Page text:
Pelagia noctiluca, the Purple-Striped Jellyfish (also known as the Mauve Stinger) is widely distributed in all warm and temperate waters of the world’s oceans, including the Mediterranean Sea, Red Sea and Atlantic Ocean. It is also found in the Pacific Ocean, with sightings in warm waters off Hawaii, southern California and Mexico, as well as other Pacific locations. This is typically an offshore species, although sometimes it is washed near the coastlines and may be stranded in great numbers on beaches.
The genus Pelagia belongs to the family Pelagiidae, order Semaeostomeae, class Scyphozoa, phylum Cnidaria and kingdom Animalia. In Latin, pelagia means « of the sea », nocti stands for night and luca means light; thus, Pelagia noctiluca can be described as a marine organism with the ability to glow in the dark.
The Purple-Striped Jellyfish may grow to 10 cm in diameter and its body is radially symmetrical. The medusa colour varies from pale red to mauve-brown or purple and the exumbrella surface is covered in pink or mauve nematocyst-bearing warts. The mushroom shaped, deep bell has 16 marginal lobes, eight marginal sense organs and eight, hair-like marginal tentacles. These thin tentacles may extend as far as 3m. All tentacles on Pelagia noctiluca are covered in nematocysts. The manubrium bears four thick, frilled oral arms that are the primary feeding surface. Pelagia noctiluca feed mainly on pelagic ascidians and other small jellyfish.
There is only one body cavity known as the gastrovascular cavity. This is a primitive gut or digestive cavity with only one opening that is used for ingestion and excretion. Being radially symmetrical it has no head and thus no centralized nervous system. The nervous system present is primitive, consisting of a simple net composed of naked and largely non-polar neurons. In addition, Pelagica noctiluca also lacks a gaseous exchange, excretory and circulatory system. However cnidaria have evolved cnidae, cells which serve for a variety of functions that include prey capture, defense, locomotion and attachment. When fully formed cnidae are called cnidocytes. When stimulated the cnidae secrete nematocyst toxins that are biological poisons. Although the sting of Pelagia noctiluca is potent and painful, it is limited in time and extent.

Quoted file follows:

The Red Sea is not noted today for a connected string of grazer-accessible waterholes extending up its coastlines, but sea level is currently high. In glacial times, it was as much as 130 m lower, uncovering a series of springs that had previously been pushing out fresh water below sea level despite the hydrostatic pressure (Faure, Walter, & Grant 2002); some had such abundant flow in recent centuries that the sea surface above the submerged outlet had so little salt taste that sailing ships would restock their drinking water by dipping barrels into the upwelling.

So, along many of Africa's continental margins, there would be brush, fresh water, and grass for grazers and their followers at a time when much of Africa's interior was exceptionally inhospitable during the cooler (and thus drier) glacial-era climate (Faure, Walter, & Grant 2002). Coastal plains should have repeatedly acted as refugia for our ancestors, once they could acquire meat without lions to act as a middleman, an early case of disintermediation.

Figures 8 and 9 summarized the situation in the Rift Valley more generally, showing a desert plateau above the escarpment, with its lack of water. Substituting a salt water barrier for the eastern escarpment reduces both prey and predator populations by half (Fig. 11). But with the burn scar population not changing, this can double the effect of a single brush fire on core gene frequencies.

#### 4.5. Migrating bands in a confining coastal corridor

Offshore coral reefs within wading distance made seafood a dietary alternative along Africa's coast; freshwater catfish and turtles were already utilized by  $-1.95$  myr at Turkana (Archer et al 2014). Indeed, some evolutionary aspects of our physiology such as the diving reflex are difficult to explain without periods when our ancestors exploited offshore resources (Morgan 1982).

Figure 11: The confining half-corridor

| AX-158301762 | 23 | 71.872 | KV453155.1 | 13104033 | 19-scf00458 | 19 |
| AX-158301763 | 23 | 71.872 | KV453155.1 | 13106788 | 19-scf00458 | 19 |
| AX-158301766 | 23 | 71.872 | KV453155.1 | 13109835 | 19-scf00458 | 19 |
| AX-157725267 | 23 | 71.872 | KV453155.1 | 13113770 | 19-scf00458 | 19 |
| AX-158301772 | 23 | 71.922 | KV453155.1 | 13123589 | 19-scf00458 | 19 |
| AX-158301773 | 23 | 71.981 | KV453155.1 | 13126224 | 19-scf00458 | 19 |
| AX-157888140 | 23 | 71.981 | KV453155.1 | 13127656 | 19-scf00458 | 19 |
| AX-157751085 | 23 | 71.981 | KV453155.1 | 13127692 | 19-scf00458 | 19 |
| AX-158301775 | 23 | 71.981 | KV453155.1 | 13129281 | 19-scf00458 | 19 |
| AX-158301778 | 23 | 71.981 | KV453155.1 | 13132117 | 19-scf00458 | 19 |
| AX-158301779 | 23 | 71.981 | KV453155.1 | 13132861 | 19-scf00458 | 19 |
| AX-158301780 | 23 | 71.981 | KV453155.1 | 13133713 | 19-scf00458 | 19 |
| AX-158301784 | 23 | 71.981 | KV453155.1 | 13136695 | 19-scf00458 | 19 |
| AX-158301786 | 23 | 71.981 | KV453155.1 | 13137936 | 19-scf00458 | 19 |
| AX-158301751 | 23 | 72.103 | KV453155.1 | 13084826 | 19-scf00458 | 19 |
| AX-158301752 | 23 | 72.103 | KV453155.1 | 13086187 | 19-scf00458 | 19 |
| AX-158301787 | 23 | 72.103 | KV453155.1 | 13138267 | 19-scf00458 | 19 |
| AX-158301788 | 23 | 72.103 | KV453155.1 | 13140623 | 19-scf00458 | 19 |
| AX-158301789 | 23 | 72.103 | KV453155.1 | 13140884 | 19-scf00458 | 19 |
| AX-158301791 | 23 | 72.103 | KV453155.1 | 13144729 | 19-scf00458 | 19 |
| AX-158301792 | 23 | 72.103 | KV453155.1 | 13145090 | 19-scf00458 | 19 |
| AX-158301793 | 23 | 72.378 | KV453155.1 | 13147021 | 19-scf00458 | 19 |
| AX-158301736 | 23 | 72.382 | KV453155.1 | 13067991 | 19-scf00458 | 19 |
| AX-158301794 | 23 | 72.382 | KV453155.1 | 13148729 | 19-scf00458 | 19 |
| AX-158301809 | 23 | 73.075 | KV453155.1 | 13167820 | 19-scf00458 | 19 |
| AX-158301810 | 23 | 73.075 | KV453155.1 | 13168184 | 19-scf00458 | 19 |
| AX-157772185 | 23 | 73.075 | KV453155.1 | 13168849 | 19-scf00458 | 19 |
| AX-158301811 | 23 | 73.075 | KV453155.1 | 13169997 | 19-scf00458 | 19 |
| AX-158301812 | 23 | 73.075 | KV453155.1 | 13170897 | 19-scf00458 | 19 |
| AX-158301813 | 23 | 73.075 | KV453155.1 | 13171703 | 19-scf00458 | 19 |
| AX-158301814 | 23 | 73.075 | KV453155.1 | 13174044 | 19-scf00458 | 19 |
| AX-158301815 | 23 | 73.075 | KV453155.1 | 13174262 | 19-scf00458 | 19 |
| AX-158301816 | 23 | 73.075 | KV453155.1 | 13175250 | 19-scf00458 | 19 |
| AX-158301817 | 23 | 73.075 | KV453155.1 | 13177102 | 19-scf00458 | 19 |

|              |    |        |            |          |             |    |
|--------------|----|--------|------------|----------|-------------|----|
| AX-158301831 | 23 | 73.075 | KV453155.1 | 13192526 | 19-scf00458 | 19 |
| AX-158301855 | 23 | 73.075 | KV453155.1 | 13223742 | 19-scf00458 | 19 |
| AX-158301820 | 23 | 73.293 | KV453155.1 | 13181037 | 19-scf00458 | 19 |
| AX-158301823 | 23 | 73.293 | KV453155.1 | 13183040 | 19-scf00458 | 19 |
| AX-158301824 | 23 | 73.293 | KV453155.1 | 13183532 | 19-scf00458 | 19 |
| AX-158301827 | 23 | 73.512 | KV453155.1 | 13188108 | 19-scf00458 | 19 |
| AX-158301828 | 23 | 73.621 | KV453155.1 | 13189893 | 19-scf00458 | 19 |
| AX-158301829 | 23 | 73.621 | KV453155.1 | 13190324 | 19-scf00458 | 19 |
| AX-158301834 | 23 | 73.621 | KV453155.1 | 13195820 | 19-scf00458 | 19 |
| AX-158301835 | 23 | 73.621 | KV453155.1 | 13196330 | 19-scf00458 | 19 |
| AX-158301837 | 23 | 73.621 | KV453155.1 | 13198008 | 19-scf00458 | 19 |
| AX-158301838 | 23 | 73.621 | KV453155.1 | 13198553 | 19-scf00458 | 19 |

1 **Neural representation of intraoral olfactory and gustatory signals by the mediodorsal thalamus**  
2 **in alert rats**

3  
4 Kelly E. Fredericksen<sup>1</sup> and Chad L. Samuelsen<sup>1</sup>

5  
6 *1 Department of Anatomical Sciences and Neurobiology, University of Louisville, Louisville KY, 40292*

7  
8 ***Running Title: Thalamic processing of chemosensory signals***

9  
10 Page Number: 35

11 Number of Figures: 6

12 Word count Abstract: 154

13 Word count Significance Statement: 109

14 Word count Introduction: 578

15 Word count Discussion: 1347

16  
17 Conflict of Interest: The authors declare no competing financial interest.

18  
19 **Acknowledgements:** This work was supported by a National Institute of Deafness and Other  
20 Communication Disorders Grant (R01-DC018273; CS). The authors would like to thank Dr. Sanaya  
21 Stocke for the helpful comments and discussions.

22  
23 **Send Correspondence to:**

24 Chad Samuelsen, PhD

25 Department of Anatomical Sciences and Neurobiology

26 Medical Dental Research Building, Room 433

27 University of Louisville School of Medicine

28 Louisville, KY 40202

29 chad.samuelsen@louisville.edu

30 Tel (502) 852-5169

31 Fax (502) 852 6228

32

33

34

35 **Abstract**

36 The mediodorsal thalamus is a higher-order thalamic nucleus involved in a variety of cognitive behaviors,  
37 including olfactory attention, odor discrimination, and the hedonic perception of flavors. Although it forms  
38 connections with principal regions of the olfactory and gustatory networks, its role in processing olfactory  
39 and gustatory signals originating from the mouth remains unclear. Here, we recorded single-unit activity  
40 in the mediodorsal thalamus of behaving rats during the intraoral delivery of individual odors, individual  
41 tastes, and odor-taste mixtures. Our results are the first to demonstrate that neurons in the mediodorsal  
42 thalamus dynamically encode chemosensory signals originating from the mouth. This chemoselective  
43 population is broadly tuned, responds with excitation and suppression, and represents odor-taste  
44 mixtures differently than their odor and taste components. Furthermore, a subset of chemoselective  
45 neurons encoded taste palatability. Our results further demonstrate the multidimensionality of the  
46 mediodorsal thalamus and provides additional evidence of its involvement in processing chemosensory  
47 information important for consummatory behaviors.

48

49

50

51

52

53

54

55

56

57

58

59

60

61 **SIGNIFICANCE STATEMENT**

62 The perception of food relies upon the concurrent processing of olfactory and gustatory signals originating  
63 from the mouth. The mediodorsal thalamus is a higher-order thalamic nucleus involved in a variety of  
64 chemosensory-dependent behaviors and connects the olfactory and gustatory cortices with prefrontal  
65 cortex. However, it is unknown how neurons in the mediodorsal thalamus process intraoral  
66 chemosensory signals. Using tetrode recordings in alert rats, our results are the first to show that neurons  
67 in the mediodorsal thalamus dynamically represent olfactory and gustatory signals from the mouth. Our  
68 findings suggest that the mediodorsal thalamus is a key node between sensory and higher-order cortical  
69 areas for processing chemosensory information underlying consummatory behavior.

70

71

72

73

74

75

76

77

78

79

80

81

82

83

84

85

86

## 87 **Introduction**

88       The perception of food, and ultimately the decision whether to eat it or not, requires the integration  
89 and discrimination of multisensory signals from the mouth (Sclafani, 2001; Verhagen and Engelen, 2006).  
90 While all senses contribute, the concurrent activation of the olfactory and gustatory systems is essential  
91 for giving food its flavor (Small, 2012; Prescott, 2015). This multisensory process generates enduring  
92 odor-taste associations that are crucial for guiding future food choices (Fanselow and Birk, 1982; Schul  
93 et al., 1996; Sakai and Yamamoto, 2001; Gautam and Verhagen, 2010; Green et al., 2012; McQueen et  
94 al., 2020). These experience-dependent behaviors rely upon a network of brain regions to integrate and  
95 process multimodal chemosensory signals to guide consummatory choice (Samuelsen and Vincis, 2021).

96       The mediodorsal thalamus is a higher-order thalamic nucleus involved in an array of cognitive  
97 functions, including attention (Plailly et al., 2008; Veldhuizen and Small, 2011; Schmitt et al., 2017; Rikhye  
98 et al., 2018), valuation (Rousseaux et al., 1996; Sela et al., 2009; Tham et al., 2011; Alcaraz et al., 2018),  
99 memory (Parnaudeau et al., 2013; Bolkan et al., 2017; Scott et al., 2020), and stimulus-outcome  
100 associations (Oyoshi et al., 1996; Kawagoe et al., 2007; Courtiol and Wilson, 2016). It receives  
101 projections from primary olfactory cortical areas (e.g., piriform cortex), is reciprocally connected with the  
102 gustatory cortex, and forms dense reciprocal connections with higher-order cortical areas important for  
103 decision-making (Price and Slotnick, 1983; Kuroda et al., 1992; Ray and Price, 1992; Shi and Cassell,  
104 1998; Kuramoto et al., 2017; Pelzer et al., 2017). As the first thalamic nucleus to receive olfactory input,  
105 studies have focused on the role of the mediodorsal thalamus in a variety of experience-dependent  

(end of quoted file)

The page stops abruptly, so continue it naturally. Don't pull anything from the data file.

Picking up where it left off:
Movement is caused when the medusa pulsates, as the marginal tentacles are contracted, straightened and stiffened. Pulsation was found to be optimal between 8° to 26°C. Movement is only restricted vertically and thus Pelagia noctiluca are carried in large swarms by currents. Pelagia noctiluca are bioluminescent, i.e. have an ability to produce light. Light is emitted in the form of flashes when the medusa is stimulated by turbulence created by waves or by a ship’s motion. This flashing is only of relatively short duration and gradually fades.
This species reproduces sexually. Four gonads arise as elongated endodermal proliferations, developing into ribbon-like folds in the interradial sectors of the stomach wall slightly distal to the rows of gastric filaments. Male and female gonads vary only slightly and the main difference is the thickness of the follicle. In Mediterranean Sea specimens eggs are laid between 12pm and 2pm in December. After 3 days the egg develops in a planula; at this stage movement is only done by ciliary action. After 7 days, planulae develop into ephyra which develop into young medusa after a month.
Photo taken by Brian Azzopardi